Principal write downs on subprime residential mortgage-backed securities (RMBS) are much less than expected, according to Standard & Poor’s.
S&P projects AAA bonds will see write-downs of less than 1 percent.
Why such a small loss when pundits are crying the second Great Depression and newspapers are running front page photos of foreclosure signs?
"In the RMBS arena, there is a substantial difference between a collateral loss and a principal write-down on a rated certificate," says S&P credit analyst Andrew Giudici.
"When it comes to subprime RMBS, the difference might even surprise you."
In other words, tons of foreclosures and late mortgage payments do not necessarily equal losses for the banks holding these mortgage-backed bonds.
Losses on the underlying mortgages of subprime certificates issued from the second half of 2005 through the first half of 2007 will reach $180 billion over their lives, S&P predicts in a new report.
But principal write downs on the bonds will total about just $85 billion.
That’s still a big number, but it’s much less than the losses from the collateral, the mortgages themselves.
The difference between those figures, Giudici explains, is because of various forms of credit enhancement that support the rated securities, such as subordination, over-collateralization, and excess spread.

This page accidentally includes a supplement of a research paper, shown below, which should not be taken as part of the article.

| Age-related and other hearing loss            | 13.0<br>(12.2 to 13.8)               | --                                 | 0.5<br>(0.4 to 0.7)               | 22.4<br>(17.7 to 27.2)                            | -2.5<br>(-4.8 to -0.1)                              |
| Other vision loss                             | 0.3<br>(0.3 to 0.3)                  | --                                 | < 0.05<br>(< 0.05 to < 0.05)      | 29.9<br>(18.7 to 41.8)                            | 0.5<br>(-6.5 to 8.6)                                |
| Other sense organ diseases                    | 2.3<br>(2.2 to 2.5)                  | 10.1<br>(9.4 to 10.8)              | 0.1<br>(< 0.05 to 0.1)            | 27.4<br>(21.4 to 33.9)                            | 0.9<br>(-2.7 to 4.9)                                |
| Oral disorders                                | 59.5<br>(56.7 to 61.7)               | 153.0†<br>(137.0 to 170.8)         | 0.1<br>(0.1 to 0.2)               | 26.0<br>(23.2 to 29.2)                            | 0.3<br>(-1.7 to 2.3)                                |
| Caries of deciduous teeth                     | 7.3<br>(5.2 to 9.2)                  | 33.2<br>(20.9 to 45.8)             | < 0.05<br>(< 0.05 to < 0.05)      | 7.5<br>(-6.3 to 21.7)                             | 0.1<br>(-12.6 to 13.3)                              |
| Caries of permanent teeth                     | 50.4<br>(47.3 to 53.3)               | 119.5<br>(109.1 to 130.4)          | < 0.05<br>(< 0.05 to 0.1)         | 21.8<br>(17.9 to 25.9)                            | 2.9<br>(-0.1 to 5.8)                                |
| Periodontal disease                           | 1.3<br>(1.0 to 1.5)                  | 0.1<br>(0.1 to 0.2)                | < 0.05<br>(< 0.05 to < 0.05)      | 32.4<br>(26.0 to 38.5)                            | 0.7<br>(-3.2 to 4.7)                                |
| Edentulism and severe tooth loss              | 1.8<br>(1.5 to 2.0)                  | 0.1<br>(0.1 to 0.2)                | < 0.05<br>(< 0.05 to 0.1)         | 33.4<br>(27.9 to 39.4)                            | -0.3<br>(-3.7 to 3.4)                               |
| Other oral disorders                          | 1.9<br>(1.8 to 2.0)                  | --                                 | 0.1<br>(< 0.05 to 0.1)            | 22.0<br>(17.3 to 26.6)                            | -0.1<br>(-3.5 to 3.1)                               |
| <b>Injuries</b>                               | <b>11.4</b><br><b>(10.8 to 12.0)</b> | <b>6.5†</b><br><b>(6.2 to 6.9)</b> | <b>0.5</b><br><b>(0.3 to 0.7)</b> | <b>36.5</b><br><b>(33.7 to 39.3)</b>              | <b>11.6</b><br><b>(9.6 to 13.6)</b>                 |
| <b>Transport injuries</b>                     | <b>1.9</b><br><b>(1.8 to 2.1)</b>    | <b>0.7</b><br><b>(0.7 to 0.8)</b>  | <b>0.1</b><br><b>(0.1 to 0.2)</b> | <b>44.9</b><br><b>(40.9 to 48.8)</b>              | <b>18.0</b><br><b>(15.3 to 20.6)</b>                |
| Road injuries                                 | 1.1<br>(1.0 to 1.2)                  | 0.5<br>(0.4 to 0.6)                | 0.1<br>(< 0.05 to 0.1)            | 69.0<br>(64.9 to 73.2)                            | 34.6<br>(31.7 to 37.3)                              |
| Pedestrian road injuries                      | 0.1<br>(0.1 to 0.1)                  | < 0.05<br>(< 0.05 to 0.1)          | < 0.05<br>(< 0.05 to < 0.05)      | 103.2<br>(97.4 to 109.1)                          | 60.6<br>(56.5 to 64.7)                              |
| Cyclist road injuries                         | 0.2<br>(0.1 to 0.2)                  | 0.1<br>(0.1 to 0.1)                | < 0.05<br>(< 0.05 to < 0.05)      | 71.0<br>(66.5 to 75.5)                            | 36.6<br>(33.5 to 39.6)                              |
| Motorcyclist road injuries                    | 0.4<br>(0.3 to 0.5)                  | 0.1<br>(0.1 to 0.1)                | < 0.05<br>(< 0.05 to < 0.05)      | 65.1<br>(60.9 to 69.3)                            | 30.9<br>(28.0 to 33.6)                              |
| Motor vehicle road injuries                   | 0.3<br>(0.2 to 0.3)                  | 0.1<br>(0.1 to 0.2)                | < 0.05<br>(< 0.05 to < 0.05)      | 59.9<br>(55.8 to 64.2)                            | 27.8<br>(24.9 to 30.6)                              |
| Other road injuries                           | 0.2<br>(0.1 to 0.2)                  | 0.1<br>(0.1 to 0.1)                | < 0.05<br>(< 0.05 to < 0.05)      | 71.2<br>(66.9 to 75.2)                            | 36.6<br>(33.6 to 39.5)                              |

Unrated and lower-rated classes suffer before losses touch the highest classes (subordination).
Securities also can have slightly more mortgages than needed (over-collateralization).
They can also have leftover interest payments to help cover losses (excess spread). Securities only lose value when collateral losses surpass the credit support.
While S&P predicts that most subordinate subprime certificates issued from the second half of 2005 through the first half of 2007 will see substantial principal write-downs,
AAA bonds from that time will be written down by less than 1 percent, Giudice says.
Skeptics would say the rating agency is only trying to defend itself after the subprime debacle.
“The story of the credit rating agencies is a story of colossal failure," said Representative Henry Waxman (D-Calif.), chairman of the House Oversight and Government Reform Committee, which is investigating the credit crisis.
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